Trio of Investigators Claim to Have Captured Footage of Tasmanian Tiger
The Booth Richardson Tiger Team (BRTT) of Australia recently released footage that they claimed showed a surviving Thylacine, or Tasmanian Tiger, on the island of Tasmania. George “Joe” Booth, and his son Greg Booth, said they placed 14 cameras over an area of 50 kilometers near Maydena, and changed the cameras every two weeks.
Greg Booth has based his interest in the Tasmanian Tiger off of an encounter he had in 2015.
"I couldn't believe it," said Booth. "I couldn't sleep for days afterwards."
"It had a really big head, a really long snout, it had a scar up here [on its head]. Its ears were pointed and it had white around the eyes with dark brown eyes set back in the skull of the animal. It was sitting down and looked at me, I was about eight feet away from it. I noticed his paws…you could see the stripes, the tail of the animal went down and it had a bit of a curl right at the end."
"Seeing the animal [changed everything], that's why we did this."
"[Before I saw it] I never believed in them. It's marvelous what you can take note of when it's in front of you."
Booth didn't initially report his sighting because he said he lacked proof, something which he hopes to now have.
His father, Joe Booth, said that he had always believed that a population of thylacines had survived in the area, because of the distinctive high-pitched barks he sometimes hears.
“The thylacine has always existed and always will,” he said.
The father and son took the footage from their trail cameras to Adrian Richardson, a thylacine researcher with 26 years of experience.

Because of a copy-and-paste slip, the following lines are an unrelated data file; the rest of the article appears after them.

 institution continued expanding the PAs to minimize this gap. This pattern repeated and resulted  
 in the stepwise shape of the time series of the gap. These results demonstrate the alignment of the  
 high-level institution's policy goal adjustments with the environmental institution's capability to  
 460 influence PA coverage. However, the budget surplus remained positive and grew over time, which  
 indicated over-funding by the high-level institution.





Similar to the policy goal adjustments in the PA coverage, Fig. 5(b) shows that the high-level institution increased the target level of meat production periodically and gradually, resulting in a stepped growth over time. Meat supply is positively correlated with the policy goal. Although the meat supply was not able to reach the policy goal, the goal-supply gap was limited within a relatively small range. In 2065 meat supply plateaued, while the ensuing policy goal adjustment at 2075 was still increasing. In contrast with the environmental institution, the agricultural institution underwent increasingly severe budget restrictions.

“I don’t think it’s a thylacine...I know it’s a thylacine," Richardson said.
The three men together formed the BRTT, and say they will continue to set trail cameras in the area they believe contains the population of thylacines.
Wildlife biologist Nick Mooney analysed the images and visited the site where the thylacine was supposedly spotted.
Mooney, who has been researching thylacine sightings for decades, thinks that although there is a chance it could be a Tasmanian Tiger, it was more likely to be a spotted quoll.
"This footage I saw some months ago now and had a chance to analyse," Mooney said.
"It was better than other stuff I've seen, but it is still not definitely a thylacine in my opinion. I think based on anatomy, movement, behavior size, I think it is perhaps a one-in-five chance it's a thylacine."
The last known thylacine died in captivity in 1936, but held its status as an endangered species until the 1980s, and many scientists believe there is a strong possibility that some survived into the 1960s; although no hard evidence exists to support that hypothesis. Their status today is still hotly debated, but some mainstream scientists take the issue seriously enough to investigate it, including these two Australian academics that we reported on back in March. Meanwhile, video and photographic evidence of supposed thylacines continues to come from Australia, with trail camera footage and pictures having been reported on within the past year, and a school teacher in June claiming that he had taken a video of a thylacine while filming the sunrise.
If you enjoyed this article and would like to support the Singular Fortean Society, please consider becoming an official member by signing up through our Patreon page—membership includes a ton of extra content and behind-the-scenes access to the Society’s inner workings.